Mikey and Anthony

Last week I wrote about one of our staff who has lived with a very real fear of being shot for over 30 years. This past Sunday one of our Discerners in Chicago lived that reality. Michael (Mikey) Taylor, our Discerner, and his cousin Anthony Jackson were returning home from a night out. While at the bus stop they noticed a car full of young adults slow down and look them. At first they were not too worried because the bus was approaching. The car quickly turned and circled back through the alley. Meanwhile the bus was delayed at the stop light. As the car came by the second time, four shots rang out. Mikey dived behind the bus stop bench and the bullets barely missed him.  Anthony wasn’t so fortunate. Three shots hit Anthony, one in the leg and two in the shoulder.

As I am writing this Anthony is recovering from his second surgery. Initially the doctors and Mikey thought Anthony had been shot twice. There were two obvious entry points. Twenty four hours later they found a third bullet in his shoulder.

Today Mikey and other family members are at the hospital with Anthony. For the first time in 48 hours the prognosis is no longer life threatening. There is just a whole lot of healing that needs to take place, both physical and emotional.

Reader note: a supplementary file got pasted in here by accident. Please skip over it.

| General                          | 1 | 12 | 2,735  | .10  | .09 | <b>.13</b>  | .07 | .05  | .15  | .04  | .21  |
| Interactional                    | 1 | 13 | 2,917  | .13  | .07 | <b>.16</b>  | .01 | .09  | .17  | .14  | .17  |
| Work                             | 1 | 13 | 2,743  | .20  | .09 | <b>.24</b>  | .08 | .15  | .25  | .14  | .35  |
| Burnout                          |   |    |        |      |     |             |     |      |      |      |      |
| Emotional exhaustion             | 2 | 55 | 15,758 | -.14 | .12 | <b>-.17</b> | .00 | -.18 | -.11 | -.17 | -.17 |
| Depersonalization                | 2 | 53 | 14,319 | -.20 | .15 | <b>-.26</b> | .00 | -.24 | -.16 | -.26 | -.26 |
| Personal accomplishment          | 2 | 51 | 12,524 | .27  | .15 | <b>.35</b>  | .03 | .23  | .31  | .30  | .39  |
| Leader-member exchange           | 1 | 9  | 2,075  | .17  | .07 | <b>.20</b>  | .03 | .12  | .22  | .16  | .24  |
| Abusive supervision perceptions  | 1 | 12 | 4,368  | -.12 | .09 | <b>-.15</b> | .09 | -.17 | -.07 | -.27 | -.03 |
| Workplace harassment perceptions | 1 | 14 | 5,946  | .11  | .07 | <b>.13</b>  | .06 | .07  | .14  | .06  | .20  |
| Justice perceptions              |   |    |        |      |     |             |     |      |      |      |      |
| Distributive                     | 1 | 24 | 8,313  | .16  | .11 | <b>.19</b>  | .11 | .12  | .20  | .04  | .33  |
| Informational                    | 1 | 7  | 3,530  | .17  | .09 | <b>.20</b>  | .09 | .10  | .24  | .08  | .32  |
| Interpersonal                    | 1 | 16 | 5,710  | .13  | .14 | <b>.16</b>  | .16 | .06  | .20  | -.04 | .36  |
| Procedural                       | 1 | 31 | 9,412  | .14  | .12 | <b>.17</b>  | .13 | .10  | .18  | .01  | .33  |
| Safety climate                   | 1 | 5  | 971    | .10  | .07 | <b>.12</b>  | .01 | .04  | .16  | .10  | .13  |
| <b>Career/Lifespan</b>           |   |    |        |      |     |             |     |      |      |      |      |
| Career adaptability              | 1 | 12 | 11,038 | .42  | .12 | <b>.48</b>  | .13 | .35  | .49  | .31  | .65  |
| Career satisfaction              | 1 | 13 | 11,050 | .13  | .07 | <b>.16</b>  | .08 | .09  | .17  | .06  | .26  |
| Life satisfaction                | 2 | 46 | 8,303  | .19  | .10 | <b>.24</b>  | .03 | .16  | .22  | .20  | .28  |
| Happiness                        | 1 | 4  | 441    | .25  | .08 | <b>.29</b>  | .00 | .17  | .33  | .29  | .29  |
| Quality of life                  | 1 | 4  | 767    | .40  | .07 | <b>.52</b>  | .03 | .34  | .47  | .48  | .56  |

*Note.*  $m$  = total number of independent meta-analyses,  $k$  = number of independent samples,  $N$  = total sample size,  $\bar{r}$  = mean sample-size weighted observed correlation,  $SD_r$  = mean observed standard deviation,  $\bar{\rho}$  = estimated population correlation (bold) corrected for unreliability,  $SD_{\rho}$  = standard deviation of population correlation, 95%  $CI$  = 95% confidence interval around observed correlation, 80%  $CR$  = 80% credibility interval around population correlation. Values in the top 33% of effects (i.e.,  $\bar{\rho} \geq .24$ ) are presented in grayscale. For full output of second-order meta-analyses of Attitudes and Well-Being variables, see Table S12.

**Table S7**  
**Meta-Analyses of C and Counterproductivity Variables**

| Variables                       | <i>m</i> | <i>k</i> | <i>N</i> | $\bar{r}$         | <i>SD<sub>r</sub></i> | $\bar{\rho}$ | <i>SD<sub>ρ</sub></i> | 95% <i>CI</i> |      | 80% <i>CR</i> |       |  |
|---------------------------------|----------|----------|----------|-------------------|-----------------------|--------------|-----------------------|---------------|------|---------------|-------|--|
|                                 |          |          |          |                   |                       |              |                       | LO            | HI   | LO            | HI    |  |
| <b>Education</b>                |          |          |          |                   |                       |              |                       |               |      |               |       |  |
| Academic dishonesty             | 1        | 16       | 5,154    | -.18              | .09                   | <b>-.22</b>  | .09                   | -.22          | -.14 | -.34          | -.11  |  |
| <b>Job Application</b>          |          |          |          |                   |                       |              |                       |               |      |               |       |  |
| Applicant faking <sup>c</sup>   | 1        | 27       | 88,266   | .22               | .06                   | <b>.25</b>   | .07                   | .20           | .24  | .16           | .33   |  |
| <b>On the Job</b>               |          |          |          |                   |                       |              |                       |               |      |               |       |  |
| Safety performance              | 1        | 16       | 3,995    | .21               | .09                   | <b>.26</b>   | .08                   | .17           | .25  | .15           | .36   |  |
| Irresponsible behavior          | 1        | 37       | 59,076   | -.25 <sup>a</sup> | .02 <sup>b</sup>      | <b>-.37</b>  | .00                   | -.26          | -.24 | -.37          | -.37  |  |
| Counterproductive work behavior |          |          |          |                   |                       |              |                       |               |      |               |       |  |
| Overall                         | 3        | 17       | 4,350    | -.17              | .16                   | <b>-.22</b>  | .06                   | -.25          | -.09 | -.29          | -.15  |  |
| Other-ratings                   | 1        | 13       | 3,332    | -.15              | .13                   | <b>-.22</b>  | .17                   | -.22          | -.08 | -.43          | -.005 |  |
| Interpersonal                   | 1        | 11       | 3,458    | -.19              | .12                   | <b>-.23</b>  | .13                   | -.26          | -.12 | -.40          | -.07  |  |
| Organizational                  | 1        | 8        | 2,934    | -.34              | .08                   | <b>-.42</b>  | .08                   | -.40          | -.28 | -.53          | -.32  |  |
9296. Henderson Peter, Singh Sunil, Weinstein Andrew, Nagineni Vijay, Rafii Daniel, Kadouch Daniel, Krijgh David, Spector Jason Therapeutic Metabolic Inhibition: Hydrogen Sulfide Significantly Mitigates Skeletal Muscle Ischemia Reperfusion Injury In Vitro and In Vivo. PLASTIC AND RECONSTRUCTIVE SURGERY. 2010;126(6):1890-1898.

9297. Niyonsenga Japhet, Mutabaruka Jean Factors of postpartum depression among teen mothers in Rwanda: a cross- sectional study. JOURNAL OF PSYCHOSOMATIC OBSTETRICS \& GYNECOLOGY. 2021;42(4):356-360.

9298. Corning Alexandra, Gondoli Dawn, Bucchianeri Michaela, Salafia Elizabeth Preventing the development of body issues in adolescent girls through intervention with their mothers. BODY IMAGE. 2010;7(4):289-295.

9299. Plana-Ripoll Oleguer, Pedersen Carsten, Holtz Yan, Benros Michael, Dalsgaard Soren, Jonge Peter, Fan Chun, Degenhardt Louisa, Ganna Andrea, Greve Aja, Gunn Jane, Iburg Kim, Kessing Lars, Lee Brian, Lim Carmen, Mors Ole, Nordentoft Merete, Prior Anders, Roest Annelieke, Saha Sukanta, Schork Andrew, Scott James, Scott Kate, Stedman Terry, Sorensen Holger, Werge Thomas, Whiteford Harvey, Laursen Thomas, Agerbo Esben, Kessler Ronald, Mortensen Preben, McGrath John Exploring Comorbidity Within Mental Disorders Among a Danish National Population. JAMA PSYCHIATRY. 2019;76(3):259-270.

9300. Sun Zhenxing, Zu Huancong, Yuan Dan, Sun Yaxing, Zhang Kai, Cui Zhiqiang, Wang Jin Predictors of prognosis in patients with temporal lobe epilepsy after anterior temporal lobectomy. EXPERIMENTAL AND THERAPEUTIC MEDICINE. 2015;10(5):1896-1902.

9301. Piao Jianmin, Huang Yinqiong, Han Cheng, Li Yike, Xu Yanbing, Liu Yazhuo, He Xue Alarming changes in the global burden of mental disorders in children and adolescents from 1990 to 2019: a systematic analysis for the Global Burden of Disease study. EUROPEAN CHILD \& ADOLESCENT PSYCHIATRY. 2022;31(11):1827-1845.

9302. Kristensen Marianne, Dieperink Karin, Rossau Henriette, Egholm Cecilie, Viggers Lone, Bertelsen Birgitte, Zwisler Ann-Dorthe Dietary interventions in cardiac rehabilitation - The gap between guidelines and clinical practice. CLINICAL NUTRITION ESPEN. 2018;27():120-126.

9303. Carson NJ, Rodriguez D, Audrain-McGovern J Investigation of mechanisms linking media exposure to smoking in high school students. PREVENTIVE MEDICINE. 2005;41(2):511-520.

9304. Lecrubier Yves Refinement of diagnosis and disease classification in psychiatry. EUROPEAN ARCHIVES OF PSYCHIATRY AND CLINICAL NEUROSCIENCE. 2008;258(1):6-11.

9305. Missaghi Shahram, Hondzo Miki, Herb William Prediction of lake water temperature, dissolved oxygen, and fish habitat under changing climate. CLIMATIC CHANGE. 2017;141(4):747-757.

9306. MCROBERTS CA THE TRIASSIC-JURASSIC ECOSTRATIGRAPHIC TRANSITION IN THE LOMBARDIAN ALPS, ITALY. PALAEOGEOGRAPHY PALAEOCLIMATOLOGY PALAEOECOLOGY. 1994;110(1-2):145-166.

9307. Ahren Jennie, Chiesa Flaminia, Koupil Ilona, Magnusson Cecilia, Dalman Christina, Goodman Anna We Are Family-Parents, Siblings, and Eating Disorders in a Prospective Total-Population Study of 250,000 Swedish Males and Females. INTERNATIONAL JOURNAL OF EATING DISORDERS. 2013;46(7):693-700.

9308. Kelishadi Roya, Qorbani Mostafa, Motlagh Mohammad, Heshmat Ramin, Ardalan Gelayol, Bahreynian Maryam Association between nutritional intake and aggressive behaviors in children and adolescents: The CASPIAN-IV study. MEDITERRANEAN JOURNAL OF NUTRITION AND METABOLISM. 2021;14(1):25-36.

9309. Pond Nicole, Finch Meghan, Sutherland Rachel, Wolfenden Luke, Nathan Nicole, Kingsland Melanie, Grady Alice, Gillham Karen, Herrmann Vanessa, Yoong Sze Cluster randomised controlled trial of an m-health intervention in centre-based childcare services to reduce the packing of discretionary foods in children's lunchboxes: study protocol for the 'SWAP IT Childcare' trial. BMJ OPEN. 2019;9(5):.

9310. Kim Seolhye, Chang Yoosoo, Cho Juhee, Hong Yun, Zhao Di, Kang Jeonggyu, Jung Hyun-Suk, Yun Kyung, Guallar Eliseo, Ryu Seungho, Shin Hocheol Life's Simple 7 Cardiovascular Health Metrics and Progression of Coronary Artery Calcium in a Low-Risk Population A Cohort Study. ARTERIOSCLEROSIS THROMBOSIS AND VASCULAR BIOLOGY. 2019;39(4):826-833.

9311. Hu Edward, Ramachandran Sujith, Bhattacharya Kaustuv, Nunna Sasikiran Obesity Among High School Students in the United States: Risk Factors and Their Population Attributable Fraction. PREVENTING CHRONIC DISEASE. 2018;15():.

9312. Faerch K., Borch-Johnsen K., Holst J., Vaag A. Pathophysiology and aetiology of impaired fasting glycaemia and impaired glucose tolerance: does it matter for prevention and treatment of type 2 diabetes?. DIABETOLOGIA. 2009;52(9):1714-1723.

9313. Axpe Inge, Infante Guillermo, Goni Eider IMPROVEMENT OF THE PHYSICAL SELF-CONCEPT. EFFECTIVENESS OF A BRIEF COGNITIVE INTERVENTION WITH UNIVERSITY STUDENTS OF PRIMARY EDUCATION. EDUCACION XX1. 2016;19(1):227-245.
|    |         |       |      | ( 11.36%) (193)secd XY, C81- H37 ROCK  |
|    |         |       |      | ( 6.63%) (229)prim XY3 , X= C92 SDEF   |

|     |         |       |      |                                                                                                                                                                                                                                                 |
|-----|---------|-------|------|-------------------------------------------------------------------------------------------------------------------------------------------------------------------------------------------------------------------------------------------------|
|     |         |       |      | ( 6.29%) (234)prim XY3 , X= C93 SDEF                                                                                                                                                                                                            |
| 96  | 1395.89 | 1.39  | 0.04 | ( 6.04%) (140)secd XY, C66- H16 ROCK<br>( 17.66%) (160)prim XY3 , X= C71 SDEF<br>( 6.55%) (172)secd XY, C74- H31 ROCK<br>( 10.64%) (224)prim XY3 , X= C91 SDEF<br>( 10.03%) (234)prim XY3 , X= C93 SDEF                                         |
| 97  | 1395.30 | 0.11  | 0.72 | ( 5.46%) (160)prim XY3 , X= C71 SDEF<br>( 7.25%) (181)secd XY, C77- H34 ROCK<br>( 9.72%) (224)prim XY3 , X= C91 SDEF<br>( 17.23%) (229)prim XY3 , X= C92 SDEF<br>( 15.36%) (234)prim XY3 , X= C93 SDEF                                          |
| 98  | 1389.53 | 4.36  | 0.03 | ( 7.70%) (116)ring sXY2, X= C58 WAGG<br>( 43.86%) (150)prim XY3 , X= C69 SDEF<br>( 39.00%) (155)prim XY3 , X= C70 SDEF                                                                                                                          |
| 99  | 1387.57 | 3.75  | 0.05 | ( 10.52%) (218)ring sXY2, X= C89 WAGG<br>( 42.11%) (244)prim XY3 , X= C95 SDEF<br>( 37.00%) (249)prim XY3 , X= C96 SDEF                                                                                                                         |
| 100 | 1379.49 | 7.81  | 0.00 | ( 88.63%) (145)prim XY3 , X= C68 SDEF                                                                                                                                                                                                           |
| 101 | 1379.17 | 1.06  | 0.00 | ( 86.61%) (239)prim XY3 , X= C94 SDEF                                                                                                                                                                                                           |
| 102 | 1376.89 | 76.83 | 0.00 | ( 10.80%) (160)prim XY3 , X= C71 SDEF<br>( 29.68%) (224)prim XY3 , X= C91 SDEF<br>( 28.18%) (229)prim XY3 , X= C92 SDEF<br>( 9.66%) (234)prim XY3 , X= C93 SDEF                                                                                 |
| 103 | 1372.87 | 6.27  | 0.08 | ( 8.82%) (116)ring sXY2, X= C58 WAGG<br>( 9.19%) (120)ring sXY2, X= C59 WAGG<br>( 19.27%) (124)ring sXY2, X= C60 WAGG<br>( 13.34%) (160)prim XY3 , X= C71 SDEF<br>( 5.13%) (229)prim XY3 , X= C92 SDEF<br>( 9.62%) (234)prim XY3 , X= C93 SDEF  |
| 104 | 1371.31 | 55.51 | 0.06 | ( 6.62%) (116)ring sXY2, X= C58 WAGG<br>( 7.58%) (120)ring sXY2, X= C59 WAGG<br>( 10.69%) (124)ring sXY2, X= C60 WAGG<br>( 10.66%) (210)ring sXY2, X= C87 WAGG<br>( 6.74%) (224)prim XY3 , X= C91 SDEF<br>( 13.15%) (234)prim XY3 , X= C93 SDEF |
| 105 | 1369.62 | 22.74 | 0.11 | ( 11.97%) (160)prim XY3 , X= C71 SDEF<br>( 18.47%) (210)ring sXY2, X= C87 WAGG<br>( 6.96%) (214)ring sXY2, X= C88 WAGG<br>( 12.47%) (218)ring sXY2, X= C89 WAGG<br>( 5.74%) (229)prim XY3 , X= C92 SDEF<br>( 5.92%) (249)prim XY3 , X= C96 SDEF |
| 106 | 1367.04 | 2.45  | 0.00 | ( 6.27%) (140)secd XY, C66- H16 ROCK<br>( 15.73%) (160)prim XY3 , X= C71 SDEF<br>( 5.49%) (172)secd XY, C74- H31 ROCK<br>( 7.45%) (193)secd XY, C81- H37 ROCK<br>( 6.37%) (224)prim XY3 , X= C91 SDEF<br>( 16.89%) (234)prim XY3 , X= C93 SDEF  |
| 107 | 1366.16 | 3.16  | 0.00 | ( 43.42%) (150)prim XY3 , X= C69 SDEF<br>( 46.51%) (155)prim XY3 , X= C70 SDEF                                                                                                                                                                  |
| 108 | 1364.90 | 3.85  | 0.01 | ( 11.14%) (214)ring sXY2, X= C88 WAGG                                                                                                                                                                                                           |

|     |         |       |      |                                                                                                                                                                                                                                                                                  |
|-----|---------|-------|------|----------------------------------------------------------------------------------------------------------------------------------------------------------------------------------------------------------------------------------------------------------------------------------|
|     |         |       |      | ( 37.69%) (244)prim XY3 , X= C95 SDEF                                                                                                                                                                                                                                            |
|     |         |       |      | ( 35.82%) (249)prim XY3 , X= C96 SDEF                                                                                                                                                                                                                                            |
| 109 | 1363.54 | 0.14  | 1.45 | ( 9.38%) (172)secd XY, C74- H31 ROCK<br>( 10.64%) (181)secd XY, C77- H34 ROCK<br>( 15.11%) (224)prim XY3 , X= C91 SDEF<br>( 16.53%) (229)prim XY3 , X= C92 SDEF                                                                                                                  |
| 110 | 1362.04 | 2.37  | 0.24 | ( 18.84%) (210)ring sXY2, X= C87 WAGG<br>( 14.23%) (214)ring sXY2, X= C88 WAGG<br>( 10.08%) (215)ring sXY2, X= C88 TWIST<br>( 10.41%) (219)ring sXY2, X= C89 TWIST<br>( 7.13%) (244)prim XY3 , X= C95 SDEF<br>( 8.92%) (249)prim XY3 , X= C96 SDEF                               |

All of this is taking place in the middle of our Discover season. This week our Chicago program is hosting 57 participants from Indiana, Georgia, and Oklahoma. DOOR hosts programs in five cities. We invite people to our cities to “See the Face of God in the City.” One of the reasons Mikey chose to work for DOOR this summer was his desire to show visitors another side of Chicago. He said, “I want to show people how Chicago really is, and that it is not a war zone. There are some people that want to help improve the city. I won’t stop teaching and telling the multiple stories of Chicago until people have a deeper understanding of our city!”

There is a part of me that doesn’t know what to do with these events. Why would God allow this to happen? The truth is, these kinds of tragedies are happening every day. Mikey knew this when he signed up for DOOR. Yet he wanted to and continues to want to show our participants another side, a more hopeful side, of Chicago where God is present.